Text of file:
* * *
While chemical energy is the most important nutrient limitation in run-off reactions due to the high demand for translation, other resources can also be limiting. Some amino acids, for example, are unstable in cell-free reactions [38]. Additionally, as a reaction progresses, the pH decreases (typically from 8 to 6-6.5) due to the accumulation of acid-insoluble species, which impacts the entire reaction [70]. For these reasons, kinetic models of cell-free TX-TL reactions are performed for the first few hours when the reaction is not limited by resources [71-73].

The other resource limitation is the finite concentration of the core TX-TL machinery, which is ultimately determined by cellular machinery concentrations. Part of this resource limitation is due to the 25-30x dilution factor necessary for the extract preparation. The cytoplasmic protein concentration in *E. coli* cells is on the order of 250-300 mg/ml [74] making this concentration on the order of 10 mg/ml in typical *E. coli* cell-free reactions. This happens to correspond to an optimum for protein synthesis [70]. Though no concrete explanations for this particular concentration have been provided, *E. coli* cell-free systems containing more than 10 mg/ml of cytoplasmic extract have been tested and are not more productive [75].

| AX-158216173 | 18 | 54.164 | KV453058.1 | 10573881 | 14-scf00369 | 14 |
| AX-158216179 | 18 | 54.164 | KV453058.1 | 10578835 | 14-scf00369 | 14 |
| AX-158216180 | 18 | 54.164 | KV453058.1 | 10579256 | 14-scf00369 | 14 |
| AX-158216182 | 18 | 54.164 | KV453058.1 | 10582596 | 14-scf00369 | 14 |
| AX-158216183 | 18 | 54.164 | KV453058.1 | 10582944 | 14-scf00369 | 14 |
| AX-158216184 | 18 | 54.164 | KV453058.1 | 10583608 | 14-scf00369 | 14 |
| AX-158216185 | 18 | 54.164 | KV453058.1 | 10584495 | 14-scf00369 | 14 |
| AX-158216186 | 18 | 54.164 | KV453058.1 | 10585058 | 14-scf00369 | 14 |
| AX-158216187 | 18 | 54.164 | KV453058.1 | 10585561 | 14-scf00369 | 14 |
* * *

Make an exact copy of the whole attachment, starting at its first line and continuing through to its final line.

While chemical energy is the most important nutrient limitation in run-off reactions due to the high demand for translation, other resources can also be limiting. Some amino acids, for example, are unstable in cell-free reactions [38]. Additionally, as a reaction progresses, the pH decreases (typically from 8 to 6-6.5) due to the accumulation of acid-insoluble species, which impacts the entire reaction [70]. For these reasons, kinetic models of cell-free TX-TL reactions are performed for the first few hours when the reaction is not limited by resources [71-73].

The other resource limitation is the finite concentration of the core TX-TL machinery, which is ultimately determined by cellular machinery concentrations. Part of this resource limitation is due to the 25-30x dilution factor necessary for the extract preparation. The cytoplasmic protein concentration in *E. coli* cells is on the order of 250-300 mg/ml [74] making this concentration on the order of 10 mg/ml in typical *E. coli* cell-free reactions. This happens to correspond to an optimum for protein synthesis [70]. Though no concrete explanations for this particular concentration have been provided, *E. coli* cell-free systems containing more than 10 mg/ml of cytoplasmic extract have been tested and are not more productive [75].

| AX-158216173 | 18 | 54.164 | KV453058.1 | 10573881 | 14-scf00369 | 14 |
| AX-158216179 | 18 | 54.164 | KV453058.1 | 10578835 | 14-scf00369 | 14 |
| AX-158216180 | 18 | 54.164 | KV453058.1 | 10579256 | 14-scf00369 | 14 |
| AX-158216182 | 18 | 54.164 | KV453058.1 | 10582596 | 14-scf00369 | 14 |
| AX-158216183 | 18 | 54.164 | KV453058.1 | 10582944 | 14-scf00369 | 14 |
| AX-158216184 | 18 | 54.164 | KV453058.1 | 10583608 | 14-scf00369 | 14 |
| AX-158216185 | 18 | 54.164 | KV453058.1 | 10584495 | 14-scf00369 | 14 |
| AX-158216186 | 18 | 54.164 | KV453058.1 | 10585058 | 14-scf00369 | 14 |
| AX-158216187 | 18 | 54.164 | KV453058.1 | 10585561 | 14-scf00369 | 14 |